65% respondents prefer lockers of nationalised banks: Moneylife Survey
Moneylife Digital Team 30 June 2015
Considering the high costs levied by private banks for bank lockers, most respondents to Moneylife’s Survey preferred to go with a public sector banks
 
Moneylife conducted an online survey to study user perception on bank lockers. The survey, which closed on 20 March 2015, obtained 765 responses. Private Banks charge a fat multiple of what a public sector bank. Not surprisingly, over 65% of those who responded to the survey said they have lockers with nationalised banks (28% had lockers with private banks). However, costs apart, this may also be a reflection of the number of nationalised bank branches across India. 
 
   
The respondents are educated, tech-savvy individuals, who are either on social media (Twitter and Facebook) or subscribed to Moneylife. It is also clear that an overwhelming majority (91%) of those who responded are people who already have a locker.
 
Locker rentals at many nationalised banks are still in the region of Rs700 to Rs800 per year, which seems extremely fair for those who have valuables that need to be stored securely. In some cases, the locker rental in a private bank is as high as Rs20,000 a year. Naturally, private and foreign banks like to woo their large customers by offering discounts on those who have fat fixed deposits (FDs) or a big 'banking relationship'.
 
About 60% of our respondents were willing to pay less than Rs2,000 to hire a locker, which practically shuts them out of the private bank locker market. Just over 35% of respondents were willing to pay private bank locker charges that vary from Rs2,000 to Rs6,000 pa and just over 3% are willing to pay over Rs6,000 a year. This means, although locker rentals at some banks can go up to Rs20,000, only a tiny percentage of consumers are willing to pay such charges for lockers.
 
Nearly 60% of the respondents said they had never been denied a locker. Only 29% were turned down initially or had conditions imposed for renting a locker. While many respondents were denied a locker because of unavailability, many people chose not to avail a locker when the banks demanded that the customer maintain a huge sum of money in FDs. In some cases, where the banks stated unavailability of lockers, they also added that lockers could be made available if the customer chooses to invest in an insurance scheme.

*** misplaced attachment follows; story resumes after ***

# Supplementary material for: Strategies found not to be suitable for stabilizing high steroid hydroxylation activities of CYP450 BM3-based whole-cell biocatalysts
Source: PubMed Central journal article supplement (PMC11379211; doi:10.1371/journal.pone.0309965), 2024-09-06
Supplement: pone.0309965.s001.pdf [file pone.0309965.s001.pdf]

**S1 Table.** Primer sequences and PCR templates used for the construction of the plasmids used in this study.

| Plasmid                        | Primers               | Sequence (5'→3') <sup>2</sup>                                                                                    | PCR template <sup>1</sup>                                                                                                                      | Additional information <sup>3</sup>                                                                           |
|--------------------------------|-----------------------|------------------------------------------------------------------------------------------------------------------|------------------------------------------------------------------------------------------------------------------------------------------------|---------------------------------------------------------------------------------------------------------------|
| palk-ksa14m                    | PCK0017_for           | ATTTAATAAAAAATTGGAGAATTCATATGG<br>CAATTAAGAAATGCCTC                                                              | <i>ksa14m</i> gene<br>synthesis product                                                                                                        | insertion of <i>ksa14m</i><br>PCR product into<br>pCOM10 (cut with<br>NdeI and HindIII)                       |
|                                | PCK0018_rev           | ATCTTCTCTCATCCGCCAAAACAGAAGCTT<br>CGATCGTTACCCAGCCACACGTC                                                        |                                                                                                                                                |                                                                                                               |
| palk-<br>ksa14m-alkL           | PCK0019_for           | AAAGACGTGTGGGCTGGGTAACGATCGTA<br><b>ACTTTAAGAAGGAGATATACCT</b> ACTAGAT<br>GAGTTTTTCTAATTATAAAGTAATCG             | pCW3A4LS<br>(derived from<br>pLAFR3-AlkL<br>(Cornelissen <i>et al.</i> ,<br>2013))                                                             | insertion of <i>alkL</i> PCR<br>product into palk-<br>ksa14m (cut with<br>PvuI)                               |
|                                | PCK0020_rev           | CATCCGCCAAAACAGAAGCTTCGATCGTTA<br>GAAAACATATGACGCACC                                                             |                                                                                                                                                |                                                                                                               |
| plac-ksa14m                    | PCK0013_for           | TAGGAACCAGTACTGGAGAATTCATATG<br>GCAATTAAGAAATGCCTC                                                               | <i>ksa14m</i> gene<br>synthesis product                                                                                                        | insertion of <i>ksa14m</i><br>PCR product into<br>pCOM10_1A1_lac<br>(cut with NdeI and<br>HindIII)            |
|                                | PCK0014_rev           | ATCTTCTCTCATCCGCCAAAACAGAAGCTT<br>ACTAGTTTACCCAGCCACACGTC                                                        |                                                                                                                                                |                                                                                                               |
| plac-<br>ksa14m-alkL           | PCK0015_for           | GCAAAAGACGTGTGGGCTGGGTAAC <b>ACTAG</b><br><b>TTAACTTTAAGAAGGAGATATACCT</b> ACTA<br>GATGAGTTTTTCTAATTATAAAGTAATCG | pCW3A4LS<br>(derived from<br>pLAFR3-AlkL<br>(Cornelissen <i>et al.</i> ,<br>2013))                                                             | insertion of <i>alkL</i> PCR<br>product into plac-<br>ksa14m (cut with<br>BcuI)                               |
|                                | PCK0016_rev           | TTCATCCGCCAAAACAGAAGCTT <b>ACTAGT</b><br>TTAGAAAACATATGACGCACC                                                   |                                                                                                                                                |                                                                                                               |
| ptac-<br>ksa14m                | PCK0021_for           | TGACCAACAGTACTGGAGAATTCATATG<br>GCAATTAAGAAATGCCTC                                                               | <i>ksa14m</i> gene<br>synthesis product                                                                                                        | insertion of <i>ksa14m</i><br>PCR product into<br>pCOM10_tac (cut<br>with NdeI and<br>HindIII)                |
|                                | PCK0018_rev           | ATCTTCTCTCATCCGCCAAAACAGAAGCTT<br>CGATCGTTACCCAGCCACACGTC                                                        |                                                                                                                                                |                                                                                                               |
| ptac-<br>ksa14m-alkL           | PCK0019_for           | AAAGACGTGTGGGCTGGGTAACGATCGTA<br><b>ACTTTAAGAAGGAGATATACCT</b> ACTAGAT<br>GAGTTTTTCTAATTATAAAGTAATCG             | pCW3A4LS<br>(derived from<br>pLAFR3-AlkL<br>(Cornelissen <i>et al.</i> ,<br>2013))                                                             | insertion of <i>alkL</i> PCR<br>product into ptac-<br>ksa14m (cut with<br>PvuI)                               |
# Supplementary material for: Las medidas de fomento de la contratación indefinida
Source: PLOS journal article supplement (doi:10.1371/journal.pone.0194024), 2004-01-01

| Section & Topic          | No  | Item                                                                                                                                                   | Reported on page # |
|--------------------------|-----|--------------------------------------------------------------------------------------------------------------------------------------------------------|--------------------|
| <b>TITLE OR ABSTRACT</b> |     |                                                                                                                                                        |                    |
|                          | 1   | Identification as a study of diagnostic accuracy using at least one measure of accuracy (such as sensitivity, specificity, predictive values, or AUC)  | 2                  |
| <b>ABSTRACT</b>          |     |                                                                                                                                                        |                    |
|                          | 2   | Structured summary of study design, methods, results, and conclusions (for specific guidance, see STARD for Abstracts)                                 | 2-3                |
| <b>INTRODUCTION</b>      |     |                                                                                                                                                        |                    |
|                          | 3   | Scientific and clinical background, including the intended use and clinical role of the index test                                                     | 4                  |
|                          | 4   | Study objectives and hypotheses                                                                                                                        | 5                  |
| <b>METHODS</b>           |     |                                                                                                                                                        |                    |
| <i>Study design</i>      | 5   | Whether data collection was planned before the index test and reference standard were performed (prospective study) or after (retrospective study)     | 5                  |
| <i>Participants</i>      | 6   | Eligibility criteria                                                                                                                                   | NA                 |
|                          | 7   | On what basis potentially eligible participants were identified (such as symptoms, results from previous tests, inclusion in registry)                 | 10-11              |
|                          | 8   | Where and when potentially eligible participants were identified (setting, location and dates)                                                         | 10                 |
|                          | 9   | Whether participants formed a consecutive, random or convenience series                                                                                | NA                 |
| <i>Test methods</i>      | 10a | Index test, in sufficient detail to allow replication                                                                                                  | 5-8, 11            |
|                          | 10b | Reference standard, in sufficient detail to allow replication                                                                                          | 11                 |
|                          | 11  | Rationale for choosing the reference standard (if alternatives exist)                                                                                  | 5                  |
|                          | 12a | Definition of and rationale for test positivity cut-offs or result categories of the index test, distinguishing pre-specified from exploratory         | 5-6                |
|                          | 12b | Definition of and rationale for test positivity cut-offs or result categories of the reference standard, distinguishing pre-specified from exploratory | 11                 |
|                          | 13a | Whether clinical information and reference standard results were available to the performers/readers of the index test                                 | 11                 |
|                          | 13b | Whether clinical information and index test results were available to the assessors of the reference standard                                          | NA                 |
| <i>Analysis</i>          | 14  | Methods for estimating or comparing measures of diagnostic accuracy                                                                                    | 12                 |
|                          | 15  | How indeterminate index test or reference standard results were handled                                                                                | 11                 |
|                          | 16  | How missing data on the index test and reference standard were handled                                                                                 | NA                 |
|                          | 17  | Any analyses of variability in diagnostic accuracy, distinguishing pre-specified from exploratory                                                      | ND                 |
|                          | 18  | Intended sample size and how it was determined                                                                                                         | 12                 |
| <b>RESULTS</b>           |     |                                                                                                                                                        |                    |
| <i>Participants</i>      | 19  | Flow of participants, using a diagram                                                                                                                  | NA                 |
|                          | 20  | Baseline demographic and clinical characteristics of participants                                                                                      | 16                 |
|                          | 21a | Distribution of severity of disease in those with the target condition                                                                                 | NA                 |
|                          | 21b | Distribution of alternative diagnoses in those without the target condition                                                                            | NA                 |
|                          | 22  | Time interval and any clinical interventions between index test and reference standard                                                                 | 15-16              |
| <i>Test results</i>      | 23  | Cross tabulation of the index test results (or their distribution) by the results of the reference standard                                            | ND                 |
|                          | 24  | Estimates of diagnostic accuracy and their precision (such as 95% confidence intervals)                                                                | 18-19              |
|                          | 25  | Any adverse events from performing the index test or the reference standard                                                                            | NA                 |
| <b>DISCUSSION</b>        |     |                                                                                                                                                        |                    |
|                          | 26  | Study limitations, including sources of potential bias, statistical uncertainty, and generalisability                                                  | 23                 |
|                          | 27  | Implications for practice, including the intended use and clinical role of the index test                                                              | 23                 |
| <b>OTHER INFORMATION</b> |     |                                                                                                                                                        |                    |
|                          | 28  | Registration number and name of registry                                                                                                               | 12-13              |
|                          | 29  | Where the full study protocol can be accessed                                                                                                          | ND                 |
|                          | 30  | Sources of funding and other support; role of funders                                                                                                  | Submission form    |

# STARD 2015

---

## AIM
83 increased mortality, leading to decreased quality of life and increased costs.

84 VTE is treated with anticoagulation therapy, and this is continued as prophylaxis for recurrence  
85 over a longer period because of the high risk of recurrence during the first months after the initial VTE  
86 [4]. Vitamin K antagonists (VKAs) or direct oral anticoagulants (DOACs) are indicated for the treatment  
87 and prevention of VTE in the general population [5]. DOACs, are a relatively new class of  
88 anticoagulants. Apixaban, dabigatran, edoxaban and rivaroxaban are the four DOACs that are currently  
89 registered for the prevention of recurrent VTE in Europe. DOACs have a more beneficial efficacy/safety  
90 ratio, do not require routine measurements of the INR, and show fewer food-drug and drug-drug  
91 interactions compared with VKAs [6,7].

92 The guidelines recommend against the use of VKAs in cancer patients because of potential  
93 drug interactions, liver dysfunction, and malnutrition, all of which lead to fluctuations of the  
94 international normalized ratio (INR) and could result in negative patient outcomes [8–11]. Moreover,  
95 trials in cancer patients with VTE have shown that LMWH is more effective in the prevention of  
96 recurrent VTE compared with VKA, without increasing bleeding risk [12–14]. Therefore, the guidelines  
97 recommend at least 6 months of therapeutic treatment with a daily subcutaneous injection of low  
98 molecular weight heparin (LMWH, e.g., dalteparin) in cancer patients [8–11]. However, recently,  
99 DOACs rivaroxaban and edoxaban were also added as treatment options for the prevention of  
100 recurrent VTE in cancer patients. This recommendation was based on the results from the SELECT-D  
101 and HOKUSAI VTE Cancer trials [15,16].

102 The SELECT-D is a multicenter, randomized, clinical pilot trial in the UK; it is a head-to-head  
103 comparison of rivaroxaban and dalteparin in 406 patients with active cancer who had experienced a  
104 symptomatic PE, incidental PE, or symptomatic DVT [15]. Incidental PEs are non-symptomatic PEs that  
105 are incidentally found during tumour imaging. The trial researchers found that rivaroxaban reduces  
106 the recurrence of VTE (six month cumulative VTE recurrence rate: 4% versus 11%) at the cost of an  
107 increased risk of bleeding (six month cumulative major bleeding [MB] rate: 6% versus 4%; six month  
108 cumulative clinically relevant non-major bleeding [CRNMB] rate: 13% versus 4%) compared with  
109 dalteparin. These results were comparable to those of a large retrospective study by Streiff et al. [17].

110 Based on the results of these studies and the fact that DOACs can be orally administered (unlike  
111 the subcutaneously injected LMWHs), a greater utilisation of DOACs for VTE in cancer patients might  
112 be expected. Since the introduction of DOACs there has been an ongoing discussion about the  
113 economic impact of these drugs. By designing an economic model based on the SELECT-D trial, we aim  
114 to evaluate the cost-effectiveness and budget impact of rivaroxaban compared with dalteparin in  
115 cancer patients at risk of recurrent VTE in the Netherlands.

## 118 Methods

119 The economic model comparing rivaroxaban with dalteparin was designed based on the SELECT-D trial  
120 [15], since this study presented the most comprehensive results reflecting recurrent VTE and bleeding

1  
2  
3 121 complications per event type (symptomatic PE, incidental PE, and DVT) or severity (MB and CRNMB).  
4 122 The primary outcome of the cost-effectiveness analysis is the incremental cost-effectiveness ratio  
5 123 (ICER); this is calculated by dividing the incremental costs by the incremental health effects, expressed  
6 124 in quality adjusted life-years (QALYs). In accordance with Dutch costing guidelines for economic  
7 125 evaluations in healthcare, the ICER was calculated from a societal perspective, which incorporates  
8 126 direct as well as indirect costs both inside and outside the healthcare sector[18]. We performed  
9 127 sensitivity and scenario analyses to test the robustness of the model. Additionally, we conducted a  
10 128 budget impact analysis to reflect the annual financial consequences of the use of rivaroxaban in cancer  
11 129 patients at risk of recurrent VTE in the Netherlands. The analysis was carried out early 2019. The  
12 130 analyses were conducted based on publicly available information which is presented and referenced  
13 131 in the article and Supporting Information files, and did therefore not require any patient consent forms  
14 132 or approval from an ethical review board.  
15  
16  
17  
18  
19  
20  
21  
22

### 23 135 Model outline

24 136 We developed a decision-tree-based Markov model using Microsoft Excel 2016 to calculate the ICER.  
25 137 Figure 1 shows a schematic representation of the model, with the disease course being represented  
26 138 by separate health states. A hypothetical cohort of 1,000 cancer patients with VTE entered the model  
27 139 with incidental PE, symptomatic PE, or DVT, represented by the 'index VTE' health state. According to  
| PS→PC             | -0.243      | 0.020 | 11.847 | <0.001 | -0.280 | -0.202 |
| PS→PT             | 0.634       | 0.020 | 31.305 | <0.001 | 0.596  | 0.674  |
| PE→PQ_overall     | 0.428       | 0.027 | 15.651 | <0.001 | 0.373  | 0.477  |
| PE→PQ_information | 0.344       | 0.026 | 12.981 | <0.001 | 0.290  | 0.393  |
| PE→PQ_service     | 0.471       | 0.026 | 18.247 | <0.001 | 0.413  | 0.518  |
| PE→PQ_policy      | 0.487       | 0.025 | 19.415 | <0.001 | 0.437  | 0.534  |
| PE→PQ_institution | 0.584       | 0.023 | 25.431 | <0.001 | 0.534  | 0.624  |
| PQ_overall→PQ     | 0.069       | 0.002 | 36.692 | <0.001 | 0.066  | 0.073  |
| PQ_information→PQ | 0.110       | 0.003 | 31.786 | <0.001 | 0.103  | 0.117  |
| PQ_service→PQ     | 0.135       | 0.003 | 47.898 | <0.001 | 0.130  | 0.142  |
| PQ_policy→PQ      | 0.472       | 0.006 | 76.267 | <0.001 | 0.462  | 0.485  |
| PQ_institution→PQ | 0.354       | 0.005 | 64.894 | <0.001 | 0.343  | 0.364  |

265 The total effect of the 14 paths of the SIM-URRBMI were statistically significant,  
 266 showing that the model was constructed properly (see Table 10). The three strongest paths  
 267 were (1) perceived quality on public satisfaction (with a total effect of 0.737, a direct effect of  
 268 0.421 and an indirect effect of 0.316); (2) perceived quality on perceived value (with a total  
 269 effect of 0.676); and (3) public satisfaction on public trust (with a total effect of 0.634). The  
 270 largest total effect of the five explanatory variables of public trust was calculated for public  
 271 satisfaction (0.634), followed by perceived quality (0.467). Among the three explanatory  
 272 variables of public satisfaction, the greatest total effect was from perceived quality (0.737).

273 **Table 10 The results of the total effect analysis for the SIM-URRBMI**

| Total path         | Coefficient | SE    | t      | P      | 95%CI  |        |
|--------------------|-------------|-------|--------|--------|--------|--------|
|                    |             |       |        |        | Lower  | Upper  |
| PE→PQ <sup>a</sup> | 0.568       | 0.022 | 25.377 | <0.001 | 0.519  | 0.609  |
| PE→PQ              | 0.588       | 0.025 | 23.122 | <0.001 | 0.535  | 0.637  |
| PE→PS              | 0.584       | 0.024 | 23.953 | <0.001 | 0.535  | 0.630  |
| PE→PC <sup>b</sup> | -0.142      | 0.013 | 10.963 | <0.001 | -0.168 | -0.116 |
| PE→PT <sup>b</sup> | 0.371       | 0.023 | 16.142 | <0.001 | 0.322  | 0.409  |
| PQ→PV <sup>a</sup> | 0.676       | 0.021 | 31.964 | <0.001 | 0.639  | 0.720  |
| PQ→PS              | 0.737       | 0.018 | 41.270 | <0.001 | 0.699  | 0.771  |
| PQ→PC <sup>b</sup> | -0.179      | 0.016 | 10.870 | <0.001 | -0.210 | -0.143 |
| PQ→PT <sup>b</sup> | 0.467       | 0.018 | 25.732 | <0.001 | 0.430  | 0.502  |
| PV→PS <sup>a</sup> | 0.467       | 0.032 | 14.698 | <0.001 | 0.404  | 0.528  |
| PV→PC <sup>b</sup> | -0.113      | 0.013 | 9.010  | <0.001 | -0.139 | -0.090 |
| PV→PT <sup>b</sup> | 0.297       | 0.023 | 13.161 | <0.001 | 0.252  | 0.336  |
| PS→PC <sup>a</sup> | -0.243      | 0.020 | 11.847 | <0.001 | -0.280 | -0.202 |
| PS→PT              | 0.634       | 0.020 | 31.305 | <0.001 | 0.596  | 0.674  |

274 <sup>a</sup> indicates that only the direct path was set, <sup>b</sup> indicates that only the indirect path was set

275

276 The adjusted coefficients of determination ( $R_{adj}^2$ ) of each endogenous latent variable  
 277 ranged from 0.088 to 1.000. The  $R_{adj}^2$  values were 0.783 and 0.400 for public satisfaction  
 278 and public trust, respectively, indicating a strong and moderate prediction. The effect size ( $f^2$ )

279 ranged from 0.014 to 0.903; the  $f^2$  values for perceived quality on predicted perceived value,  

Importantly, nearly 40% of the respondents were unaware that banks are legitimately allowed to collect some fixed deposit as a condition for renting lockers. Over 40% of our respondents reported having been demanded a sum or purchase beyond the prescribed limit (deposit worth three years of locker rent along with charges to break open the locker in case of such an eventuality) in order to avail a locker.  The amounts asked to be maintained in FDs varied from as little as Rs10,000 (which was a  legitimate condition, but the respondent did not pay) and Rs25,000 to Rs10 lakh. But, by and large, most were asked to maintain an FD of Rs1 lakh only.
 
A quick look at the findings shows that most people are fairly satisfied with the banks’ locker service on all key parameters. Those who complain are often unaware of the rules and conditions or unwilling to take into account rising realty costs.
 
Almost 80% of our survey respondents were satisfied with the level of security provided by their banks to protect their valuables—like sturdy lockers, burglar alarms and CCTV surveillance.
 
In our survey, it was observed that an overwhelming majority (87.7%) of respondents had not purchased insurance for the jewellery kept in the locker, although most were aware that banks do not insure the content of lockers.